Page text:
States enacted 58 new restrictions to abortion care and signed into law 25 new abortion bans in 2019 alone, which serve to further restrict abortion access in many parts of the USA.1 Unfortunately, these restrictions disproportionally affect vulnerable women, who are less likely to access timely reproductive health care due to deficits in facilities and providers offering these services. The ease by which new restrictions to reproductive care have been rapidly implemented during the COVID-19 pandemic has made expanding and reinforcing abortion and miscarriage care more important than ever.2 The timely article “Medication to Manage Abortion and Miscarriage” by Beaman et al. reviews current evidence-based clinical protocols for general internists to safely and effectively incorporate abortion and miscarriage management into their primary care practices.3
We fully agree that general internists are well positioned to fill this gap in abortion and miscarriage care. We are the first point of contact for our patients to health care, and often their only easily accessible option in rural and low-resource areas. Beaman et al. cite that there are nearly 100,000 general internists currently practicing in the USA; if only 0.5% were to offer abortion care, this would increase the number of abortion providers by one-third (from 1500 to 2000).3, 4 As outlined in the article, many women would prefer to have reproductive health care from their primary care provider due to their established relationship and closer proximity. Offering these services through primary care is patient-centered and may reduce the stigma that some women experience when going to family planning clinics.
While training for abortion and miscarriage management has not traditionally been incorporated into internal medicine residency curricula, well-established, national programs exist for family medicine residents. These programs include the Training in Early Abortion for Comprehensive Healthcare (TEACH Program) and the Center for Reproductive Health Education in Family Medicine (RHEDI).5, 6 Prior studies, however, show that inclusion of abortion training in family medicine programs increases self-reported competency and intention to provide abortion care but not the likelihood to provide this care after training.7,8,9,10 Cited barriers by residents are at individual (i.e., perceived lack of authority to implement services) and system levels (i.e., lack of institutional support).8, 10 Even with training, a low percentage of family medicine graduates (19%) report feeling prepared to provide abortions, although this is double the percentage of graduates without training (10%).10 Continued support following graduation, including additional training and networking, is likely required for both family medicine and general internal medicine physicians to successfully integrate abortion management into their own practice.1, 11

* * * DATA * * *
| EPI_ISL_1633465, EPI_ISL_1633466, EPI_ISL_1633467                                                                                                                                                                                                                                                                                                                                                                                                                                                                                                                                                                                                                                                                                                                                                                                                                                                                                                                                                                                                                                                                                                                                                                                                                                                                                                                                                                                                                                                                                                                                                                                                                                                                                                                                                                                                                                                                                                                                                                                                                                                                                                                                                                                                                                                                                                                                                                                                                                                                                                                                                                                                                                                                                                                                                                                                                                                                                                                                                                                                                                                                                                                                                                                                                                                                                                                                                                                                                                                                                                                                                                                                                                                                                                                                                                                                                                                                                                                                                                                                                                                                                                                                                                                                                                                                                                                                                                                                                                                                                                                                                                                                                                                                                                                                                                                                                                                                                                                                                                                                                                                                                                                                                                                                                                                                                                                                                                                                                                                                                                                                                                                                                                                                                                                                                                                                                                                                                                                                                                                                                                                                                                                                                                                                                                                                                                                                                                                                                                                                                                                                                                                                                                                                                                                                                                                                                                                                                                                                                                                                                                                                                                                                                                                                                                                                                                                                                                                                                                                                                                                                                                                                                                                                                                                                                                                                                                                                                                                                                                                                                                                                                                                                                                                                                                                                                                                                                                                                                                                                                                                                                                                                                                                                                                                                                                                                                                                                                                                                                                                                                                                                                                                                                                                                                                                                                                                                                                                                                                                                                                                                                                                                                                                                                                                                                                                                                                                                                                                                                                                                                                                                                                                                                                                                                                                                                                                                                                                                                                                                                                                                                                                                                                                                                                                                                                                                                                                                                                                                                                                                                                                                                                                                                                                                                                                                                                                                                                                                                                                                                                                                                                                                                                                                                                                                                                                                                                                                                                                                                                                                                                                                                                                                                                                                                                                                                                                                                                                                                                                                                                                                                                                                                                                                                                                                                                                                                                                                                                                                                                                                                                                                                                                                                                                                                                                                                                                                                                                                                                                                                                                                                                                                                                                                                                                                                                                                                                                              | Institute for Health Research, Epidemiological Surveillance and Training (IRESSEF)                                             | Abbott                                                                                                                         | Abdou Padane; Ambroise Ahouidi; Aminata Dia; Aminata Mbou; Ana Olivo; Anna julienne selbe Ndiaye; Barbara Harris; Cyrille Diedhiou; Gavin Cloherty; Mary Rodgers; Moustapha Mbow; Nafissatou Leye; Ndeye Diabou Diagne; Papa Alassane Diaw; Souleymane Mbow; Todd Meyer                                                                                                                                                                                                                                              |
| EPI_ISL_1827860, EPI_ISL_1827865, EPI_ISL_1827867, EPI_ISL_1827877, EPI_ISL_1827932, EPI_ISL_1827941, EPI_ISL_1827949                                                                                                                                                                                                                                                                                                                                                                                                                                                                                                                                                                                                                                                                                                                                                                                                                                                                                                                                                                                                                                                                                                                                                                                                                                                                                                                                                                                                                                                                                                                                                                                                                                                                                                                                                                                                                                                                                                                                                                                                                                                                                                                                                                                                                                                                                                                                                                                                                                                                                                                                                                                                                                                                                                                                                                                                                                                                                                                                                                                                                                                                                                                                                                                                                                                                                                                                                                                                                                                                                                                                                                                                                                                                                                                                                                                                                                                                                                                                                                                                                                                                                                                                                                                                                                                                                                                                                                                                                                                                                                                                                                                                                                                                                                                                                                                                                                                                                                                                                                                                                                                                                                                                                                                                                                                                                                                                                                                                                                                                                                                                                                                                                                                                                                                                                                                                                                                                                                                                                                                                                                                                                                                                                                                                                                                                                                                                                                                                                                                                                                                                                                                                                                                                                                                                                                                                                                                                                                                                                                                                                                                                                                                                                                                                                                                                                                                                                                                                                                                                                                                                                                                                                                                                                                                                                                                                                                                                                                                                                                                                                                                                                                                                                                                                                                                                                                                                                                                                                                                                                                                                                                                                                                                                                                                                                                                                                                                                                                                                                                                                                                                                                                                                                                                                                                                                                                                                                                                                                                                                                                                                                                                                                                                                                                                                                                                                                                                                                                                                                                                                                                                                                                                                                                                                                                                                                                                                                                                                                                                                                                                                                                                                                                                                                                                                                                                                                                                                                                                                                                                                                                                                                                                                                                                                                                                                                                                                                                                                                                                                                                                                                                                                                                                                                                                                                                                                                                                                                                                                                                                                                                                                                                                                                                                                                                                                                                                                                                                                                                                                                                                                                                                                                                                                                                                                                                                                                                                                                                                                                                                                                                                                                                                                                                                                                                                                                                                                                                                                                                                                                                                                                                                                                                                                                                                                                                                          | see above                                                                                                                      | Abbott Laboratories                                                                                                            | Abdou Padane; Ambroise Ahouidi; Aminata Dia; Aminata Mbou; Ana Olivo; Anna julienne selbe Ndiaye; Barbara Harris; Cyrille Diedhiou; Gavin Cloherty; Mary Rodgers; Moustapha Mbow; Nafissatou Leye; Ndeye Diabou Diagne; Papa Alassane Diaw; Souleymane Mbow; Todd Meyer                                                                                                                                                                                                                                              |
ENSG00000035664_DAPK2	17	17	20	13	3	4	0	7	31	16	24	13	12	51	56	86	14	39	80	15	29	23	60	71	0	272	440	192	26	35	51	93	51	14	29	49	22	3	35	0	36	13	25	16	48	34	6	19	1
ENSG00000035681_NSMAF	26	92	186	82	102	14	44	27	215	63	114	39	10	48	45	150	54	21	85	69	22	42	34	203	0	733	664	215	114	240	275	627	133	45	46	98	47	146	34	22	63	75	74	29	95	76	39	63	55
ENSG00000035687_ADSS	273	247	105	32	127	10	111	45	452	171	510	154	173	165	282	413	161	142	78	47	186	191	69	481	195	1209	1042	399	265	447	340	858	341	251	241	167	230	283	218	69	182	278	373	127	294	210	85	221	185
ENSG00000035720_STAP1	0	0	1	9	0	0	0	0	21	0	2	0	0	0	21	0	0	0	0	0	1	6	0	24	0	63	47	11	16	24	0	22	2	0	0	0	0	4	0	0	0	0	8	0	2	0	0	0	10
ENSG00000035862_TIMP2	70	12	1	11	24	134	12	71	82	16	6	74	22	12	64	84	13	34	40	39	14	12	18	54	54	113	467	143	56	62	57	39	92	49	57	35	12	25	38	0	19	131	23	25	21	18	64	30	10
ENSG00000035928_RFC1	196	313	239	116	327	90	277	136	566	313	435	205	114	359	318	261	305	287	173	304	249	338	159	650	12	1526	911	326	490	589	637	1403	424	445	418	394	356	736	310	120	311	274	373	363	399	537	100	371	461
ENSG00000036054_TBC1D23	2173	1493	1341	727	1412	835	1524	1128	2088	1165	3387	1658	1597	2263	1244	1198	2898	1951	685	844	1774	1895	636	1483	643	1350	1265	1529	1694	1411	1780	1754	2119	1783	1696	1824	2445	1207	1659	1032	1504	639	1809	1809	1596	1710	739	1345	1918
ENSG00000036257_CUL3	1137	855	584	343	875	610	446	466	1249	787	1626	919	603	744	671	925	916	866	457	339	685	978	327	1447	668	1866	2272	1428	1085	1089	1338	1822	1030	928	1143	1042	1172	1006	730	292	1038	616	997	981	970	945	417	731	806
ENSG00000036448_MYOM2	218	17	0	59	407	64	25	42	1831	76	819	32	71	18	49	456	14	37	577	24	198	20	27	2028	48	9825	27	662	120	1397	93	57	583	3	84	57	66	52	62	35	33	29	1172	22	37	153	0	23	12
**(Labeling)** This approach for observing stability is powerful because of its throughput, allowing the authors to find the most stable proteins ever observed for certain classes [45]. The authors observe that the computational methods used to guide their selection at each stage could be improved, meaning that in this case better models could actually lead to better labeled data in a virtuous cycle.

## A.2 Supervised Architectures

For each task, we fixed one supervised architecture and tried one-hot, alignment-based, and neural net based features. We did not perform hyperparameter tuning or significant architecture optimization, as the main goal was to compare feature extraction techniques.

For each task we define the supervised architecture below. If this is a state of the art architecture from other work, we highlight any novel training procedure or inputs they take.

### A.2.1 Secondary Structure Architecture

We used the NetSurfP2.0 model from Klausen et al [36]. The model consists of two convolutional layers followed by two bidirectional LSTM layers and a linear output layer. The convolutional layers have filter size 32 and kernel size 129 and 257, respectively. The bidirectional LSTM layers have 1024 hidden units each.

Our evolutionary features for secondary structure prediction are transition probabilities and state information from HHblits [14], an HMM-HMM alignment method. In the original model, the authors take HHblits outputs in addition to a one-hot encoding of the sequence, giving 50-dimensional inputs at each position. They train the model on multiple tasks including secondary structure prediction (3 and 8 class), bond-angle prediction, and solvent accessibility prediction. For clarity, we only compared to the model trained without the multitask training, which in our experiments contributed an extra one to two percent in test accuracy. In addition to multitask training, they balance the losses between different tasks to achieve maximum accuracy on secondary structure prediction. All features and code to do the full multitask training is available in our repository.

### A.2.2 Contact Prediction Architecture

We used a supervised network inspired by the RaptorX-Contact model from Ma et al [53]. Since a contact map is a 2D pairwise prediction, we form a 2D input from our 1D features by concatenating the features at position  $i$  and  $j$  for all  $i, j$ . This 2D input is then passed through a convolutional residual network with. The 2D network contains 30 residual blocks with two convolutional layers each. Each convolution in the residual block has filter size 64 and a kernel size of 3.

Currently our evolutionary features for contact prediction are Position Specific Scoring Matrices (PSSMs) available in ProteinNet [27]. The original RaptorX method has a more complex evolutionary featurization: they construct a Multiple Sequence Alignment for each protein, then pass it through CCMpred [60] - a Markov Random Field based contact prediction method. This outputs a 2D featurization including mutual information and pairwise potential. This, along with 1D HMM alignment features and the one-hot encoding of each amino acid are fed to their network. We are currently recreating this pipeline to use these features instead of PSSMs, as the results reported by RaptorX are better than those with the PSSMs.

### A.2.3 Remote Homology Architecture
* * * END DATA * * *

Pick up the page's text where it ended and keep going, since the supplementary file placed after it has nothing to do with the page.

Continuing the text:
Other barriers to medication abortion and miscarriage care by general internists could be overcome by changing policy and protocols to be better aligned with current evidence. Beaman et al. describe that mifepristone is regulated under the FDA with a Risk Evaluation and Mitigation Strategy (REMS) requirement, despite its excellent safety profile and new evidence for the safe and effective use of this medication for miscarriage.3, 12, 13 Under REMS, clinicians must register in the drug manufacturer’s database and dispense mifepristone through their clinic rather than a pharmacy. Many primary care providers are unfamiliar with REMS, which may create the misperception amongst providers and staff that mifepristone is less safe than other medications typically prescribed in primary care. Additionally, the REMS requirements add administrative and operational burdens to implementation in a primary care practice. We advocate for the removal of REMS for mifepristone to reduce these barriers. Discussion of medical management of abortion and miscarriage together may also facilitate bringing both of these treatment options into the realm of primary care. While each carries its own ethical and medical considerations, the medication protocols for abortion and miscarriage care with mifepristone and misoprostol are nearly the same and can allow for patients to receive both therapies in the same place. Inclusion of the protocols and medications for women to have miscarriage managed in primary care may lay the groundwork for later provision of abortion care.